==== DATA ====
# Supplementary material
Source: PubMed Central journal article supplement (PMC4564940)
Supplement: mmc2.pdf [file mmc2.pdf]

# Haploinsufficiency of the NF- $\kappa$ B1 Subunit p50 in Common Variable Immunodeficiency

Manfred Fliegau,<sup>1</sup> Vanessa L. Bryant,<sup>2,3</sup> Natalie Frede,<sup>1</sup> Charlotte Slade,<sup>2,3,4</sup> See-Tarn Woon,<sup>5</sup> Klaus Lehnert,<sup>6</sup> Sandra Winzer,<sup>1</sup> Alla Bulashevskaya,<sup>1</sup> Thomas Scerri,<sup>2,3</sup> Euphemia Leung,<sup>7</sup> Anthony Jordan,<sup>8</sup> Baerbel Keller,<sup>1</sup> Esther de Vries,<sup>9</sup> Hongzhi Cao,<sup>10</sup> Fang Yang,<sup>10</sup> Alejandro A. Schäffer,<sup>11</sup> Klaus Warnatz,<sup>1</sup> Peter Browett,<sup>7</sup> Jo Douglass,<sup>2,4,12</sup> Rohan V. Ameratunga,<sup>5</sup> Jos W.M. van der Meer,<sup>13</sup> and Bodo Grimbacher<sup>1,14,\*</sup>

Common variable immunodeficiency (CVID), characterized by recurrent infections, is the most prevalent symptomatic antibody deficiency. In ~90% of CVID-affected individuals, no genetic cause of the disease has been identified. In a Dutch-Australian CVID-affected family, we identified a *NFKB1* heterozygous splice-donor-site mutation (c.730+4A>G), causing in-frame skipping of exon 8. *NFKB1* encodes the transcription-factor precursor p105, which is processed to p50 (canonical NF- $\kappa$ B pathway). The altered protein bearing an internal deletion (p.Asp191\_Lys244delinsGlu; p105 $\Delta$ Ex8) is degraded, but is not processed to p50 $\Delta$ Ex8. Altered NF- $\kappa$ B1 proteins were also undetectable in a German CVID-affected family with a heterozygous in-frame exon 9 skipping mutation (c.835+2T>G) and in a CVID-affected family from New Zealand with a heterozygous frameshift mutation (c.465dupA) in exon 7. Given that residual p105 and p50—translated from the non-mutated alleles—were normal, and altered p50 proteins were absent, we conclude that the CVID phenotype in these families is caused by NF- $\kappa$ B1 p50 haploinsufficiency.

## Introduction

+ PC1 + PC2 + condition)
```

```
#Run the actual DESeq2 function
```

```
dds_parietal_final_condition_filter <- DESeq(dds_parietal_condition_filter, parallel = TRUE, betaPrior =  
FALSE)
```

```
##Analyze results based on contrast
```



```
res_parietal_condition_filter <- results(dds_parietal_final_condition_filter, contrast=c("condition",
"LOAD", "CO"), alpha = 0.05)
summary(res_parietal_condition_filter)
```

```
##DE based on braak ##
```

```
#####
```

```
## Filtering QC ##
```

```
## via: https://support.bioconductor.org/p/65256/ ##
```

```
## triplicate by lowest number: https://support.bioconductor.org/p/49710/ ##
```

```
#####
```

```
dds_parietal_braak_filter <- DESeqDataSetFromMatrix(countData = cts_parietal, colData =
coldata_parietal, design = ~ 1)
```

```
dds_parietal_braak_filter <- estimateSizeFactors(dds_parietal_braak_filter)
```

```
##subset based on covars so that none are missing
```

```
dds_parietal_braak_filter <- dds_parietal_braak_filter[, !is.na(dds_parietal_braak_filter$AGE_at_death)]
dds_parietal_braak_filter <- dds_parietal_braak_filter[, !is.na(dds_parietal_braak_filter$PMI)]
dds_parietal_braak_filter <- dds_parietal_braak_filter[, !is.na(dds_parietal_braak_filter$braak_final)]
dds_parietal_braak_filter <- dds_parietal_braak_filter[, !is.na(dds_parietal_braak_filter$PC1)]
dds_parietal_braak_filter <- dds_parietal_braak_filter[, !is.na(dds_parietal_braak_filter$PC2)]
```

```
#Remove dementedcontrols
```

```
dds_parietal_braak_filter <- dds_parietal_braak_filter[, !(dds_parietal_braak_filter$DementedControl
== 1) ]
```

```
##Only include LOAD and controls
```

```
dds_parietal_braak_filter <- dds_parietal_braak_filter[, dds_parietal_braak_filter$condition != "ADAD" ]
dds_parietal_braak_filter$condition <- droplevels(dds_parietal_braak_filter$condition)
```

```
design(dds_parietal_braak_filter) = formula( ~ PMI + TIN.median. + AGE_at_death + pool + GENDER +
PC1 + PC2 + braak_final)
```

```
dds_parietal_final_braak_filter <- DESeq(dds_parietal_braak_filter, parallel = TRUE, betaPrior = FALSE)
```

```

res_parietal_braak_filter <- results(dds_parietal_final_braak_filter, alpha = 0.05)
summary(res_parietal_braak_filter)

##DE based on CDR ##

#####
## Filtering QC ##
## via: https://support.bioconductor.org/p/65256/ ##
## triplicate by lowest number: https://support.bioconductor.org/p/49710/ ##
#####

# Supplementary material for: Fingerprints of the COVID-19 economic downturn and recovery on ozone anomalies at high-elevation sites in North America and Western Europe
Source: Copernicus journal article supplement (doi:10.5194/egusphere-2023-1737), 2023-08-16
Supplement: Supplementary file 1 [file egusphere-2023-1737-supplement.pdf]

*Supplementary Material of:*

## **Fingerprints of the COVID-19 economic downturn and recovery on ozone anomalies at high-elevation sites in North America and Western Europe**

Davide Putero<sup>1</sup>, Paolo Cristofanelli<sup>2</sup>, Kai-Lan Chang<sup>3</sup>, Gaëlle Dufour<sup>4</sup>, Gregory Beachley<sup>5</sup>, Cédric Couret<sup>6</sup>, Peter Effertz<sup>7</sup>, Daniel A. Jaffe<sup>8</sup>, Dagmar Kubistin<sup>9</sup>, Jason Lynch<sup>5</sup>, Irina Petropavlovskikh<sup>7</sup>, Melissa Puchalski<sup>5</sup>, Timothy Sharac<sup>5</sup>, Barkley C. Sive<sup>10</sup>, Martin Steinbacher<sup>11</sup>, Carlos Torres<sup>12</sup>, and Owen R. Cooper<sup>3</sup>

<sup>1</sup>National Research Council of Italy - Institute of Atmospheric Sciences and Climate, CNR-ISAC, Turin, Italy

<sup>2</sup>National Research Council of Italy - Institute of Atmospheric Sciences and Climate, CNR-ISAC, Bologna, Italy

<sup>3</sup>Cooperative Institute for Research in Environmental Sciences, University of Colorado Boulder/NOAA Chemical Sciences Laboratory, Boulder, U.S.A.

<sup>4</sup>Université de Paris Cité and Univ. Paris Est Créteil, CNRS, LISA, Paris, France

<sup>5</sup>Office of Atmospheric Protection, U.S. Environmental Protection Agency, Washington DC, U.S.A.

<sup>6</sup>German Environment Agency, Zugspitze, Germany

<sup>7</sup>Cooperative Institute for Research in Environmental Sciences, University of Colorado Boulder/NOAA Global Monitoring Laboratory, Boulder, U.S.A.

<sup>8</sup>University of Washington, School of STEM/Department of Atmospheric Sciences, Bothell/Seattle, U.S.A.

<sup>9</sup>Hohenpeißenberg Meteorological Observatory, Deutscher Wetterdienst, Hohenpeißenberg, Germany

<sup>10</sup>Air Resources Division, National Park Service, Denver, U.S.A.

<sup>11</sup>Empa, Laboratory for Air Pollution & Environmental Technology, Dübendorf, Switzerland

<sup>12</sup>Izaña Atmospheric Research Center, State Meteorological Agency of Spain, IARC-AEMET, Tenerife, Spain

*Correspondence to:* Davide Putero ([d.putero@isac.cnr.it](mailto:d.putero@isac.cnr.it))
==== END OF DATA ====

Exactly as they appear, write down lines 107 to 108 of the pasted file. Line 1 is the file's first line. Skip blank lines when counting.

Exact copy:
<sup>12</sup>Izaña Atmospheric Research Center, State Meteorological Agency of Spain, IARC-AEMET, Tenerife, Spain

*Correspondence to:* Davide Putero ([d.putero@isac.cnr.it](mailto:d.putero@isac.cnr.it))